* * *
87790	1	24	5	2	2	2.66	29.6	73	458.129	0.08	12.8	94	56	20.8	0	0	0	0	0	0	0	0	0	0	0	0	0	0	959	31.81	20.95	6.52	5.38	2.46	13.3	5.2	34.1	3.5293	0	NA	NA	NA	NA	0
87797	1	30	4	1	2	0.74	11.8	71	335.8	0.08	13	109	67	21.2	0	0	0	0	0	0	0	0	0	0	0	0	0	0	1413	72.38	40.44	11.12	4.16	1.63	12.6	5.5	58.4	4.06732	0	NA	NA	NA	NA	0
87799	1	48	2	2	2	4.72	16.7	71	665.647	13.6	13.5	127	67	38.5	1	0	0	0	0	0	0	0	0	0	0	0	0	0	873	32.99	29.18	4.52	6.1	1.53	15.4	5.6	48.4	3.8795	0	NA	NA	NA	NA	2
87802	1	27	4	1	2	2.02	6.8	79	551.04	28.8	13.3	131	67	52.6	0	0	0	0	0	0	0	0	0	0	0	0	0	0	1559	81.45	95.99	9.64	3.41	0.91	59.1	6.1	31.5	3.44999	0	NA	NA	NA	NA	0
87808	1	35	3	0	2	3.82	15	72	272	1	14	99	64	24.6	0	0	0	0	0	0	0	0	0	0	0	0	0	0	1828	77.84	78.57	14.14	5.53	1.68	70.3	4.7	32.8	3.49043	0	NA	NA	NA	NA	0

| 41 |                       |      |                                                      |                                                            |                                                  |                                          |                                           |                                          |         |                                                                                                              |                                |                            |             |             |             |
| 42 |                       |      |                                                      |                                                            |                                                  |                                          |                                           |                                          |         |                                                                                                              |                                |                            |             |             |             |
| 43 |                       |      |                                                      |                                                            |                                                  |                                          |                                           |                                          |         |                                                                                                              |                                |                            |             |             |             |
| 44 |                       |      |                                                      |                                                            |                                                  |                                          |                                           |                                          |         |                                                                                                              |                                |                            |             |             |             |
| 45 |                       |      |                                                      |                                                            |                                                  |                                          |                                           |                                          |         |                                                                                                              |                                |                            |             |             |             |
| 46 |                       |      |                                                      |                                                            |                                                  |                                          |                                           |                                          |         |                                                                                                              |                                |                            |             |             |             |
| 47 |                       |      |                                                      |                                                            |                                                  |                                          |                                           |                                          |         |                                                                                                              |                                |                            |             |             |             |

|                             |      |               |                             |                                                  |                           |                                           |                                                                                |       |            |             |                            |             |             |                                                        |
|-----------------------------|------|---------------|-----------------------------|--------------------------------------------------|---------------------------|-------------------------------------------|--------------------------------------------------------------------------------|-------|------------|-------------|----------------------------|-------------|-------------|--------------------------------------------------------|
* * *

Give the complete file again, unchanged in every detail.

87790	1	24	5	2	2	2.66	29.6	73	458.129	0.08	12.8	94	56	20.8	0	0	0	0	0	0	0	0	0	0	0	0	0	0	959	31.81	20.95	6.52	5.38	2.46	13.3	5.2	34.1	3.5293	0	NA	NA	NA	NA	0
87797	1	30	4	1	2	0.74	11.8	71	335.8	0.08	13	109	67	21.2	0	0	0	0	0	0	0	0	0	0	0	0	0	0	1413	72.38	40.44	11.12	4.16	1.63	12.6	5.5	58.4	4.06732	0	NA	NA	NA	NA	0
87799	1	48	2	2	2	4.72	16.7	71	665.647	13.6	13.5	127	67	38.5	1	0	0	0	0	0	0	0	0	0	0	0	0	0	873	32.99	29.18	4.52	6.1	1.53	15.4	5.6	48.4	3.8795	0	NA	NA	NA	NA	2
87802	1	27	4	1	2	2.02	6.8	79	551.04	28.8	13.3	131	67	52.6	0	0	0	0	0	0	0	0	0	0	0	0	0	0	1559	81.45	95.99	9.64	3.41	0.91	59.1	6.1	31.5	3.44999	0	NA	NA	NA	NA	0
87808	1	35	3	0	2	3.82	15	72	272	1	14	99	64	24.6	0	0	0	0	0	0	0	0	0	0	0	0	0	0	1828	77.84	78.57	14.14	5.53	1.68	70.3	4.7	32.8	3.49043	0	NA	NA	NA	NA	0

| 41 |                       |      |                                                      |                                                            |                                                  |                                          |                                           |                                          |         |                                                                                                              |                                |                            |             |             |             |
| 42 |                       |      |                                                      |                                                            |                                                  |                                          |                                           |                                          |         |                                                                                                              |                                |                            |             |             |             |
| 43 |                       |      |                                                      |                                                            |                                                  |                                          |                                           |                                          |         |                                                                                                              |                                |                            |             |             |             |
| 44 |                       |      |                                                      |                                                            |                                                  |                                          |                                           |                                          |         |                                                                                                              |                                |                            |             |             |             |
| 45 |                       |      |                                                      |                                                            |                                                  |                                          |                                           |                                          |         |                                                                                                              |                                |                            |             |             |             |
| 46 |                       |      |                                                      |                                                            |                                                  |                                          |                                           |                                          |         |                                                                                                              |                                |                            |             |             |             |
| 47 |                       |      |                                                      |                                                            |                                                  |                                          |                                           |                                          |         |                                                                                                              |                                |                            |             |             |             |

|                             |      |               |                             |                                                  |                           |                                           |                                                                                |       |            |             |                            |             |             |                                                        |
|-----------------------------|------|---------------|-----------------------------|--------------------------------------------------|---------------------------|-------------------------------------------|--------------------------------------------------------------------------------|-------|------------|-------------|----------------------------|-------------|-------------|--------------------------------------------------------|